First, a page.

From Amsterdam to Manila, Ljubljana to Wellington, the rapid growth of property prices in cities is shutting many people out of home ownership and driving up inequality. There are plenty of ways for governments to deliver more affordable housing, including house-building programmes, taxation, planning and land use regulations. Yet their responses often fall short: government definitions of “affordable” homes aren’t affordable for most, help-to-buy subsidies cause prices to rise further and efforts to boost housing supply fall short of targets.
One notable failure occurred in April 2019, when the New Zealand government backtracked on a proposed capital gains tax aimed at tempering speculation in the housing market. New Zealand has a strong case for action: house prices are the third most expensive in the world, the homelessness rate is the highest in the OECD and a quarter of children live below the poverty line – typically in poorly-insulated and overcrowded housing.
But the opposition deemed the tax to be an assault on the “Kiwi way of life”, the media backlash was unyielding, and New Zealand Prime Minister Jacinda Ardern promised never to pass the policy, while in leadership.
The politics of affordable housing
Failures like this are usually explained by a lack of “political will”. But this excuse simply sidesteps the biggest challenge for politicians: building consensus behind major reforms for the public good. All too often, government decisions to act (or not) are more about maintaining economic and political stability – preferably until the next election. Unless citizens lead strong campaigns to demand action, such reforms will remain in the “too hard” box.
The lack of affordable housing is not a crisis for everyone. Property owners have benefited significantly from the rapid growth in prices, creating highly unequal benefits across class, race and generational divides. Investing in housing is also a cultural norm: many Western cultures see it is as good financial sense to get on the property ladder early, and eventually sell at a much higher price to realise a healthy financial return.
This means that many Western countries have a large cohort of voters who are counting on house price growth – even when that shuts people out of the housing market altogether.
Making change happen
Yet in cities around the world, movements led by citizens are building power to counter these challenges. Here are three examples that show how support can be mobilised, when governments are slow to act.
1. Organising grassroots movements in Berlin
Grassroots movements have a long history in cities, and a recent case from Berlin is instructive. Berlin has a high proportion of renters (85%), and until the mid-2000s, it had a large stock of publicly-owned housing. After public housing was sold off to private investors in the mid-2000s, tenants faced rapid rent increases and significant issues with maintenance and repair.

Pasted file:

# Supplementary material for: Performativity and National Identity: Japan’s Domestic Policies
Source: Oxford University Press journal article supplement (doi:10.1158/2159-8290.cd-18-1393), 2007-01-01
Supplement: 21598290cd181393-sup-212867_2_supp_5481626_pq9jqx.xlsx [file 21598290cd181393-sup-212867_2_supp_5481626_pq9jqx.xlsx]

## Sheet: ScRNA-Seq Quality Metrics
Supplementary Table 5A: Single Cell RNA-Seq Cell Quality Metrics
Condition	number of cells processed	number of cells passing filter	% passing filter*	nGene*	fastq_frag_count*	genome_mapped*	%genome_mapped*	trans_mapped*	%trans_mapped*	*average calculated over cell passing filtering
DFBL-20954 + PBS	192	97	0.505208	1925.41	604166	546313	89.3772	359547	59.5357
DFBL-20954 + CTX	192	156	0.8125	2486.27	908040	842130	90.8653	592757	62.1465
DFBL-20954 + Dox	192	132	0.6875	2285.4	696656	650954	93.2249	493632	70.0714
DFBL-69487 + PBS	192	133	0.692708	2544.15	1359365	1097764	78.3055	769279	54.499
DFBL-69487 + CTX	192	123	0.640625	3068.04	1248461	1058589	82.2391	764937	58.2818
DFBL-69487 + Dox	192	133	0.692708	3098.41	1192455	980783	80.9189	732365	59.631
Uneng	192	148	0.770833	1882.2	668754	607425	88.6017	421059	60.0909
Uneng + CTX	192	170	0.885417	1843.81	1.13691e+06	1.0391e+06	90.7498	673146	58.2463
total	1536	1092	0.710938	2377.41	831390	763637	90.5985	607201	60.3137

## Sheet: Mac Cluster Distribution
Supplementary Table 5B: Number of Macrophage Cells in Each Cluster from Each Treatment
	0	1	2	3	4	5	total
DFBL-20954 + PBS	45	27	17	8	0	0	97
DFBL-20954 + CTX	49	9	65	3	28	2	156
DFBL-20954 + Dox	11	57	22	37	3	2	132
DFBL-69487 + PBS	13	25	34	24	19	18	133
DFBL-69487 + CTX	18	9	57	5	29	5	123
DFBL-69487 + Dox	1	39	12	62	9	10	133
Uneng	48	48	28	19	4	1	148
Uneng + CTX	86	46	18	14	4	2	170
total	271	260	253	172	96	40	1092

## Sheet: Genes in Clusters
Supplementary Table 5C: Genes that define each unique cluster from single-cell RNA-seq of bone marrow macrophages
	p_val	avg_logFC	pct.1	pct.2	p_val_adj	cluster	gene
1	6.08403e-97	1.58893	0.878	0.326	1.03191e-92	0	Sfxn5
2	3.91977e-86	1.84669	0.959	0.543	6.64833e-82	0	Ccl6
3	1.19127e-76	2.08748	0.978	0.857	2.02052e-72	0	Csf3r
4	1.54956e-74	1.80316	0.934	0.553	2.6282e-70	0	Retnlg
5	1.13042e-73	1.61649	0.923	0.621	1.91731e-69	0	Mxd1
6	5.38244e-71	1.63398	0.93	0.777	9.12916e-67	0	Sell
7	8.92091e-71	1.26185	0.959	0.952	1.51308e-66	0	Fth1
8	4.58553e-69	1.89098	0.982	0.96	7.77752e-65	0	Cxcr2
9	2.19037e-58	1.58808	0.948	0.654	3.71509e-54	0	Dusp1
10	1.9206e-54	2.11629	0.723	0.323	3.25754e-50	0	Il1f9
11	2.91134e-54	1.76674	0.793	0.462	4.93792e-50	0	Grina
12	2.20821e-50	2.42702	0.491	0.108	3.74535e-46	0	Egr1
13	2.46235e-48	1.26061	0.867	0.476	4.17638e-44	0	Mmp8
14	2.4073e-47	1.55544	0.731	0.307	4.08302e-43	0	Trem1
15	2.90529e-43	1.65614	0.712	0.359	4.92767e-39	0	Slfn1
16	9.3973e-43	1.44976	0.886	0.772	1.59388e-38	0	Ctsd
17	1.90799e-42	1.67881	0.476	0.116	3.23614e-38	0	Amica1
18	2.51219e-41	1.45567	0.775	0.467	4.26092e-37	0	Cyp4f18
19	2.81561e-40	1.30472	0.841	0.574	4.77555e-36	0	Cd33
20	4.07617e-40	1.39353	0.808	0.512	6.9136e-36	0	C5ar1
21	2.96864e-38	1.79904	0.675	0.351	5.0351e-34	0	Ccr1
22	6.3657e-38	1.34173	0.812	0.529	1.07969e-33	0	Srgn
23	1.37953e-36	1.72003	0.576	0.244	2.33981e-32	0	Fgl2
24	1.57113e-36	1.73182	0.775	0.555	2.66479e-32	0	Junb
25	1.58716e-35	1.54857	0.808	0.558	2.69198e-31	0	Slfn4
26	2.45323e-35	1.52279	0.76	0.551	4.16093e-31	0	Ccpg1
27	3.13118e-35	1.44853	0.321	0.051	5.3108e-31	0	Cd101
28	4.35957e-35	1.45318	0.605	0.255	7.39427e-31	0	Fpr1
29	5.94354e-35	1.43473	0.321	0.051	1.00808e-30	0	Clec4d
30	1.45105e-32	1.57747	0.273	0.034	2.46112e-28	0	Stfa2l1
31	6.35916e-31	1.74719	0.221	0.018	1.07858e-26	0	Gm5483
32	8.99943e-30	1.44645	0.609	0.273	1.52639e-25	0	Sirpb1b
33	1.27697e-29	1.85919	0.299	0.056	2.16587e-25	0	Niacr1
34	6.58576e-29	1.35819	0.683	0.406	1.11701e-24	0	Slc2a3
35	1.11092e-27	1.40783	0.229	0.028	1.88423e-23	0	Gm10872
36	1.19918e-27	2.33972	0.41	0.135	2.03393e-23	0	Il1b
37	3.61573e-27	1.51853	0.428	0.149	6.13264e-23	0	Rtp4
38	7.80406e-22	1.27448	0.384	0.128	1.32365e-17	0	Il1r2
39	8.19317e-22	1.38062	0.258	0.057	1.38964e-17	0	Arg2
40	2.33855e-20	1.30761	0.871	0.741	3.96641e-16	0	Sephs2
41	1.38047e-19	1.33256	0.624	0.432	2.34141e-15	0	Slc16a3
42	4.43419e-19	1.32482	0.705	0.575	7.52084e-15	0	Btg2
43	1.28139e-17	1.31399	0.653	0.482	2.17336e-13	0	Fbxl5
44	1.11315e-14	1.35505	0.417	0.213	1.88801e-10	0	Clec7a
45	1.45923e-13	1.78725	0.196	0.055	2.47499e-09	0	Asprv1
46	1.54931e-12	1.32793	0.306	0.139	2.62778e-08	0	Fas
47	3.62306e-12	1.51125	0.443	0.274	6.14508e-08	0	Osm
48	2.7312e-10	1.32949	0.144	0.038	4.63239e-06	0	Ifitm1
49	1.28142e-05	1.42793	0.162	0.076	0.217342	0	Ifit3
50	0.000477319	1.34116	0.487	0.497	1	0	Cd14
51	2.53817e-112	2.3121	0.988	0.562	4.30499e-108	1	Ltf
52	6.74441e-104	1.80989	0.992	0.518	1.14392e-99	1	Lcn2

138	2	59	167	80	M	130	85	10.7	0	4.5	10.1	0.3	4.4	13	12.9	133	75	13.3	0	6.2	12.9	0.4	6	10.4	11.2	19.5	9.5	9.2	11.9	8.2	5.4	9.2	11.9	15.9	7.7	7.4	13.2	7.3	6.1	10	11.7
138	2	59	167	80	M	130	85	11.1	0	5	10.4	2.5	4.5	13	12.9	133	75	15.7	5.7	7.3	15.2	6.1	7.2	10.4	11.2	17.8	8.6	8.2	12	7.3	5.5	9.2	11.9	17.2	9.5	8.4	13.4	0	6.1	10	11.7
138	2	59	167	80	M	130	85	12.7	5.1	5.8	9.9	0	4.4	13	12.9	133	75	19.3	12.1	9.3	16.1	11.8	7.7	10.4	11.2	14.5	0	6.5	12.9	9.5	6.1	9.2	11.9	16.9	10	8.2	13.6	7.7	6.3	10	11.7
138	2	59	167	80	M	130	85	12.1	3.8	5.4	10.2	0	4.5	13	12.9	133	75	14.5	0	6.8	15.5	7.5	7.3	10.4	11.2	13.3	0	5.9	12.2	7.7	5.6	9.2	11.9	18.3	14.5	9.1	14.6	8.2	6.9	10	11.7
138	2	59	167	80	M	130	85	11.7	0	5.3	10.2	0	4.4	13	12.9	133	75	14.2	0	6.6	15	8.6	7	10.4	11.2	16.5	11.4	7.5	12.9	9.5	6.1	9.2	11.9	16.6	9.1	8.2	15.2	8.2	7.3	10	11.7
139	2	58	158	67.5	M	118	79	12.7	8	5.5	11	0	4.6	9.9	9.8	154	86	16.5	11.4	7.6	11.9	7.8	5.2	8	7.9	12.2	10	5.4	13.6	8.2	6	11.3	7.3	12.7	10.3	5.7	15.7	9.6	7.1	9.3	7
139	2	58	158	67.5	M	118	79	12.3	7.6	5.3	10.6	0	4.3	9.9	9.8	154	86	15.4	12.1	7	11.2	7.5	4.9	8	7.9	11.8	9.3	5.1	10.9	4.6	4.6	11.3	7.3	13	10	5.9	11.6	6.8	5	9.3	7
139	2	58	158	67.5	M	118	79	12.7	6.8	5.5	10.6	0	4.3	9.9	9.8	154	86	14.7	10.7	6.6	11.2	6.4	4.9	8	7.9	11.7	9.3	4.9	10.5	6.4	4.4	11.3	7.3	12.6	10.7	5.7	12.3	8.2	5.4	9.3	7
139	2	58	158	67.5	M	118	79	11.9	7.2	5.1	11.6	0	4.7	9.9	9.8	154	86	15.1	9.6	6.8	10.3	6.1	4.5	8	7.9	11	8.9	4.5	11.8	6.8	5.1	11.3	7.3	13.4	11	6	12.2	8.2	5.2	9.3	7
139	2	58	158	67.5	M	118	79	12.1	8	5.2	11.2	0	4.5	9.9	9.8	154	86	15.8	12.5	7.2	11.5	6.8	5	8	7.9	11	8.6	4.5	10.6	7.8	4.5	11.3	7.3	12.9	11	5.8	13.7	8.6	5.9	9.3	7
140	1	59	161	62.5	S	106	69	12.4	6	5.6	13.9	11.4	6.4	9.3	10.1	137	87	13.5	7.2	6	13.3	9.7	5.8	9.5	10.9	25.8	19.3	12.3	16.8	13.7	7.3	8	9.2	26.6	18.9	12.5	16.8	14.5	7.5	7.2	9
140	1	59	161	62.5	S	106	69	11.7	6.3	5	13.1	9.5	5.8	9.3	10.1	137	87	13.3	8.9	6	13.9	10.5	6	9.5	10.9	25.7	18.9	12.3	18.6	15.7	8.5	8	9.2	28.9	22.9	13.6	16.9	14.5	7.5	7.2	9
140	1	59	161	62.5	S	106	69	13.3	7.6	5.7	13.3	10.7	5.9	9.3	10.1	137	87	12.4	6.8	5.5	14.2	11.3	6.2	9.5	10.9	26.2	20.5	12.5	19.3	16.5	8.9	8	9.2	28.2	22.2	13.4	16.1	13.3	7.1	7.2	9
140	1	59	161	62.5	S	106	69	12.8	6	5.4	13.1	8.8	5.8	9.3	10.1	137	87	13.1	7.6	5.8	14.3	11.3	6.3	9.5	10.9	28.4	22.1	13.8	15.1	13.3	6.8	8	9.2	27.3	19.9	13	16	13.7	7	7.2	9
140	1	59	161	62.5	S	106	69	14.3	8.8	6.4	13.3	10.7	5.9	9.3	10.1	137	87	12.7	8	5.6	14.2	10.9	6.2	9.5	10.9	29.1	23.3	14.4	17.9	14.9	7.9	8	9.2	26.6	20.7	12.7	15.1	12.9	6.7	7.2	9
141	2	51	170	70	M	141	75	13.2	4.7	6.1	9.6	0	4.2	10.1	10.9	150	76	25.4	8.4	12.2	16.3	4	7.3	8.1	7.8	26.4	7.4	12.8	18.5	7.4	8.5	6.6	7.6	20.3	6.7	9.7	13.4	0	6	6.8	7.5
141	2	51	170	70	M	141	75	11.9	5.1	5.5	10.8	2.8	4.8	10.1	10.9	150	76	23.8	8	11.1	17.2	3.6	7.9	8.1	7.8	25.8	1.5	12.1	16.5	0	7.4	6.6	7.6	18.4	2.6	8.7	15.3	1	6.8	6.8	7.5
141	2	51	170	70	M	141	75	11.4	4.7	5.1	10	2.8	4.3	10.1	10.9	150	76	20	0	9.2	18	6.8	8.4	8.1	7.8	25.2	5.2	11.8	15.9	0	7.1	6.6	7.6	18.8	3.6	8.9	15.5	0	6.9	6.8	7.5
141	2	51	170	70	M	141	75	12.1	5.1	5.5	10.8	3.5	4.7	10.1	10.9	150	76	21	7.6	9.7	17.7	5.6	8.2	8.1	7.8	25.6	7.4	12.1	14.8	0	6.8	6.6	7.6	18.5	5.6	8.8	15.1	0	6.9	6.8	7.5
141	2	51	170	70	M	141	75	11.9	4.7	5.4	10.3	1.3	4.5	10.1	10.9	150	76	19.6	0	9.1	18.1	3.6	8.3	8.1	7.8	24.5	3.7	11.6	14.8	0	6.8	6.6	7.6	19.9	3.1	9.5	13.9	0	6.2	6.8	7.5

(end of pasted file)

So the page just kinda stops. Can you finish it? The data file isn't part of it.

Private companies bought public housing on a large scale - the largest landlord, Deutsche Wohnen, owns around 110,000 units in Berlin. Initial efforts by tenants associations to oppose this were no match for the scale of the problem, so they co-ordinated to form the civic movement Deutsche Wohnen & Co. Enteignen (“Expropriate Deutsche Wohnen & Co.”).
The movement demands a referendum that could ultimately allow the municipality to renationalise housing belonging to landlords with more than 3,000 units. This directly confronts the powerful real estate sector, and has great potential to mobilise popular support in a city where renters are the majority. At the time of publication, their petition had more than 77,000 signatures.
2. Building coalitions with technical professions - planners in 1960s New York
Coalitions are the basic unit of urban politics. Building alliances around common agendas is a powerful way to mobilise resources, knowledge and political support. This even extends to professionals like architects and planners, who have historically engaged with communities to advocate for change.
The Urban Underground is a prominent movement that developed from New York’s Department of City Planning in the late 1960s. City planners realised that the profession had been co-opted into regeneration schemes that systematically pushed out black populations and the poor. Protests by local communities and professionals shone a light on these darker aspects of city planning.
Today, some planners are just as complicit in systems that profit real estate developers while causing gentrification and displacement. But with their experience in the system, planning professionals have the power to form a link between the diverse groups affected by unaffordable housing.
3. Demanding system change with a Green New Deal
The last strategy takes inspiration from the US New Deal, which overhauled the economy and social services in the 1930s. The Green New Deal draws from this approach by demanding fundamental changes to the economic system and building support around a vision for the future to resolve trade-offs between economic, social and environmental policies.
The Green New Deal bundles climate action with green jobs, affordable housing and economic justice. Linking climate action to housing might seem unexpected, but in fact it’s central to goals of economic and social justice. It could also be a genius move to wrap housing into the growing political momentum behind climate agendas.
Each of these movements show how change can happen, even when governments are reluctant to take political risks. When communities build support around a vision for housing that works for all – including indigenous populations, people of colour and people living in poverty – they can forge a path for governments to follow.